I picked up Book by Book by Michael Dirda at the library, because when one doesn’t feel like reading a whole book itself the next best thing is to read a book about books. It’s a collection of various book lists, book reviews, essays on life and reading, and quotations.
Early on in the book he creates a list of "patterning works"–books that the rest of literature is based on, responds to, even reacts to. Not meant to be a comprehensive list of great works, but rather the most basic accumulation of the literature a person would need to understand what all the rest of the books are talking about.
Here is his list:
The Bible (KJV wording has been most influential)
Bulfinch’s Mythology (or other good collection of Greek, Roman, and Norse Myths)
Homer, The Iliad and The Odyssey
Plutarch, Lives of the Noble Grecians and Romans
The Arabian Nights
Thomas Malory, Le Morte D’Arthur (tales of King Arthur and his knights)
Shakespeare’s major plays, especially Hamlet, Henry IV, Part One, King Lear, A Midsummer Night’s Dream, and The Tempest
Cervantes, Don Quixote
Daniel Defoe, Robinson Crusoe
Jonathan Swift, Gulliver’s Travels
The fairy tales of the Brothers Grimm and Hans Christian Andersen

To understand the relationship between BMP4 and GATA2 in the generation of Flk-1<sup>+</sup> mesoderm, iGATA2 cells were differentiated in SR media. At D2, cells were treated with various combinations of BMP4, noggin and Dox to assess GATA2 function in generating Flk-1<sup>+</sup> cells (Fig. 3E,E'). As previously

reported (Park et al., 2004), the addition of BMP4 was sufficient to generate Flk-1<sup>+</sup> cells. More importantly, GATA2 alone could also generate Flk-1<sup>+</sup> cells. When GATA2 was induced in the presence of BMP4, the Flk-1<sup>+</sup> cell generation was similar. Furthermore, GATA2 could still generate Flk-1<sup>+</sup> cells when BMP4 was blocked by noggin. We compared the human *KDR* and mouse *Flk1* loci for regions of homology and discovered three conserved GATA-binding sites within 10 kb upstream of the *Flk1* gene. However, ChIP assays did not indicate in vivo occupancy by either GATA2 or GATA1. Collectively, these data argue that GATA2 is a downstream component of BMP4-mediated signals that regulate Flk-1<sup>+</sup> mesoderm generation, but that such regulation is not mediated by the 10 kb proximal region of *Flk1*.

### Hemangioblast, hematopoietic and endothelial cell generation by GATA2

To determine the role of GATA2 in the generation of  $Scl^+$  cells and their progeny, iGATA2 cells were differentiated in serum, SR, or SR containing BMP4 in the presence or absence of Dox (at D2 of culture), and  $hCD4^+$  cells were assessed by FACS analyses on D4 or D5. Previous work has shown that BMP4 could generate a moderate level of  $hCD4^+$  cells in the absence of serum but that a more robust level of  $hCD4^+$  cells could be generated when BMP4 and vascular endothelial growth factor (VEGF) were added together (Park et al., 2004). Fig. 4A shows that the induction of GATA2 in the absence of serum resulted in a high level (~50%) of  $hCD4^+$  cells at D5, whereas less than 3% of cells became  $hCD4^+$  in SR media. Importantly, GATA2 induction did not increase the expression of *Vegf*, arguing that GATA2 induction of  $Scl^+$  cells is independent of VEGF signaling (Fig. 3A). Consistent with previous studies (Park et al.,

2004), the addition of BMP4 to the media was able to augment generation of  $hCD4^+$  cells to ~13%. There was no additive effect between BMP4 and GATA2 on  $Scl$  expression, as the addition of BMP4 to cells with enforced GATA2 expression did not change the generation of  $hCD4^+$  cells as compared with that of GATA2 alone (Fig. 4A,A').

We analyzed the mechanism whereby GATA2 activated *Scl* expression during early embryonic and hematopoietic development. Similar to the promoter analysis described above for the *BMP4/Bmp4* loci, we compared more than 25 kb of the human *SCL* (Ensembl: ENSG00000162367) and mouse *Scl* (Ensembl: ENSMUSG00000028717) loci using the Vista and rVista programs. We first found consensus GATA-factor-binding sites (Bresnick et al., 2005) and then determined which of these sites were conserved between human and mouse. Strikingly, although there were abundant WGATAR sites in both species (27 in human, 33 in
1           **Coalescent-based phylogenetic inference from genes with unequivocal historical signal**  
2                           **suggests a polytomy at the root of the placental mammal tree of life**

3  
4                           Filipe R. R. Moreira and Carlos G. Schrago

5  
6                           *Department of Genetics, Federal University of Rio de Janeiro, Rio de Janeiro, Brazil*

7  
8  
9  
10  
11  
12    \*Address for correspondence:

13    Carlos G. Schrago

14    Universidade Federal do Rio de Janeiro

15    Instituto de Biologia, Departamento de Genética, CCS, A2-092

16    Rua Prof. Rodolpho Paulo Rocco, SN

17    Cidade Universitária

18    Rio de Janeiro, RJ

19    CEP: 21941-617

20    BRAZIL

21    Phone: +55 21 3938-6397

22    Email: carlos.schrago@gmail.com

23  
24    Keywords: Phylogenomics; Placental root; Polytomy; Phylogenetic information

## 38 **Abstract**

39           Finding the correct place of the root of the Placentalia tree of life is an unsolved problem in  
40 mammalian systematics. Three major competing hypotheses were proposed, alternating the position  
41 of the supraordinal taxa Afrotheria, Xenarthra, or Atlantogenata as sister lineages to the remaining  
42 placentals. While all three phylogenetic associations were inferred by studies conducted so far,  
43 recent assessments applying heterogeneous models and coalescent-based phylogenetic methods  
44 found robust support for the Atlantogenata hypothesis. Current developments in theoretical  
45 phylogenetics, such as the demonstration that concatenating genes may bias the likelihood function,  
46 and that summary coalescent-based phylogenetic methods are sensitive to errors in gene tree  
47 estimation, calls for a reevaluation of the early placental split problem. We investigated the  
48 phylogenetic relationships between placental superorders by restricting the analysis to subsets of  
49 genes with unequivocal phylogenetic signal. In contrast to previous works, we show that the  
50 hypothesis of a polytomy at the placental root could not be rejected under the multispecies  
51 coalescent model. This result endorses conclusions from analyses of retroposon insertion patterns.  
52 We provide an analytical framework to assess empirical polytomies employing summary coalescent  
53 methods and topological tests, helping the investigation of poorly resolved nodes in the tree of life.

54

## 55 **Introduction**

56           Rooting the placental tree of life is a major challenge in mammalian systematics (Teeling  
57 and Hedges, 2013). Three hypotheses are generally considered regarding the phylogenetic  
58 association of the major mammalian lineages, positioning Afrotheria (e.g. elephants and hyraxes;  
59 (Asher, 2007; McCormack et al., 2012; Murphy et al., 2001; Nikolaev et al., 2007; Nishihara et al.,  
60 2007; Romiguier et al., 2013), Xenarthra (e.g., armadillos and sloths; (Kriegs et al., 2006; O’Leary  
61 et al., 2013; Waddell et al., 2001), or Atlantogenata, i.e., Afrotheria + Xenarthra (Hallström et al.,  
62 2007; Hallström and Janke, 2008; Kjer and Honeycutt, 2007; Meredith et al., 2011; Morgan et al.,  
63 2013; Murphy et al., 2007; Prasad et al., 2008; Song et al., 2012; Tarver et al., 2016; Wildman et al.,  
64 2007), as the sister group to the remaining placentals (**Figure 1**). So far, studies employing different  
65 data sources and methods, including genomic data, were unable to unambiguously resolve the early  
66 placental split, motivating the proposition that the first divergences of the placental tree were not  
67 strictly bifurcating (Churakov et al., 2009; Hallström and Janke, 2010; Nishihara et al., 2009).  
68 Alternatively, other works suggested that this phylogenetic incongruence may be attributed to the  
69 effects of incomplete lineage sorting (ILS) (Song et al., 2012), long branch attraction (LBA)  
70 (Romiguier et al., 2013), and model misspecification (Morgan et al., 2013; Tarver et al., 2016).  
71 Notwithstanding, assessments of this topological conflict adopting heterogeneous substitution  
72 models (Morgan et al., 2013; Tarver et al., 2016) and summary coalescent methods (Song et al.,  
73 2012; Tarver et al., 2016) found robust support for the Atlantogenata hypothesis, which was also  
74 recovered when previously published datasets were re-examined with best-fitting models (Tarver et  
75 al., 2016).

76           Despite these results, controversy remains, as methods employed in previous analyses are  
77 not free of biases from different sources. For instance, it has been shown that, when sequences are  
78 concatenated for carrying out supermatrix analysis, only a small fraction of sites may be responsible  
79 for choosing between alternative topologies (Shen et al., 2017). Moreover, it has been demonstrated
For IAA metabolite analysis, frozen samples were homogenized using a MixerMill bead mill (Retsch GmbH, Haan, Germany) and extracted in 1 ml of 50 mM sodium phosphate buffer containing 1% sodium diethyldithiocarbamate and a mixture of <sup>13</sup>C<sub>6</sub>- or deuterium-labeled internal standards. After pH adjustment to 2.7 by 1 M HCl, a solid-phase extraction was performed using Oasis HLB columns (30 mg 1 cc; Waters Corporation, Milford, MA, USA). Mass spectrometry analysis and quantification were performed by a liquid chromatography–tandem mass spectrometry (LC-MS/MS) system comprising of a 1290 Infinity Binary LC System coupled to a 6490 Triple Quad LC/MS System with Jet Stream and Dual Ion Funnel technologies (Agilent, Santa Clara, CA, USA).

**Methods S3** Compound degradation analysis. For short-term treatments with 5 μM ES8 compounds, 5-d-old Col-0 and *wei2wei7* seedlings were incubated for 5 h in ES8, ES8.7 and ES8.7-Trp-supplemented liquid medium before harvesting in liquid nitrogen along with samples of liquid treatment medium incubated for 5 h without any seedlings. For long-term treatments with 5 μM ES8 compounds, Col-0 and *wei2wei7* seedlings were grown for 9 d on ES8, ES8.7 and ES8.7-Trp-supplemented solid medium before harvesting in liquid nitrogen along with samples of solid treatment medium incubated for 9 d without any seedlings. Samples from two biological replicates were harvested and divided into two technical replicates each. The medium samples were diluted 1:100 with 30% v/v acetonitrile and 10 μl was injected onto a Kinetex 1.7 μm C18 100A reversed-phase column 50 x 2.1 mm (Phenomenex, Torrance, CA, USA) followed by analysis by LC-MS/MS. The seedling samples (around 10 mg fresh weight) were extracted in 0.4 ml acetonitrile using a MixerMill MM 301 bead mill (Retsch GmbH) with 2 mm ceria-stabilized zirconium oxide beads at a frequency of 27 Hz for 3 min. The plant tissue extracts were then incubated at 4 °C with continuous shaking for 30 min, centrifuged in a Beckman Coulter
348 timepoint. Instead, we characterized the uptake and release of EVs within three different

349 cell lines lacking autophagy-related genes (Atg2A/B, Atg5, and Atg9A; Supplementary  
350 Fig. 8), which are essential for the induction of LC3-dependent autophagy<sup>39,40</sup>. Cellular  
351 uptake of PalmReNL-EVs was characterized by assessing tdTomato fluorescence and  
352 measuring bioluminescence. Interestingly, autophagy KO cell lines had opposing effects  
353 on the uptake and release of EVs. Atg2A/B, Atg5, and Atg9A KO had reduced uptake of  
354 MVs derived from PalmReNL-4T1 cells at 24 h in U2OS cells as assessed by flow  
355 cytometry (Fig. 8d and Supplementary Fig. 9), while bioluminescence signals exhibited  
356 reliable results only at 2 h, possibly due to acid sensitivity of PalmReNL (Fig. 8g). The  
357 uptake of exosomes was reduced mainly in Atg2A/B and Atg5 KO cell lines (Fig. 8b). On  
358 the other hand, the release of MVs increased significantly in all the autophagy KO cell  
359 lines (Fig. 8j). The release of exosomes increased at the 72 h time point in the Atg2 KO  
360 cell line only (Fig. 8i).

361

Any substantial collection of the world’s major folktales
Jane Austen, Pride and Prejudice
Lewis Carroll, Alice in Wonderland
Arthur Conan Doyle, The Adventures of Sherlock Holmes
It struck me that this would make an excellent basic literary reading plan for K-12, and not just because I already own almost everything on it or was going to buy it for myself anyway at the first opportunity. (Bullfinch is hard to find second-hand.) My own less learned career as a reader leads me to concur that these are works that keep cropping up, one way or another. I’ve read or at least dabbled in nearly all of them, and they are all intrinsically worth the time they take, as well.
Furthermore, this is a manageable list. There’s something for every age and it could be easily covered over twelve years, leaving lots of free time for reading according to individual taste and family obsessions. It’s also a list of works that I can envision giving to my children to read, at the appropriate time (and, for some, only with guidance or editing).
In considering the tension between adult mandates and child initiative, I often ponder exactly what my role is. The most essential goal, for me, is to cultivate passion–in the area of literature, the goal is that my children will love reading. After that, the point of focused study in youth is to provide the tools–the essential ideas, experiences, and connections–that will never cease to serve them in new discoveries.
In that context, these are nearly all books I would be willing to require reading because of their own value. (And the ones I’m more doubtful about are the ones I’m least likely to need to require.) There are many other worthwhile books, but one cannot possibly fit every worthwhile book into the first years of life (or perhaps into all the years of life). The point of this list is to read the books that will allow you to understand the rest of the books you will ever read.
But perhaps there are a few more out there. Any other thoughts?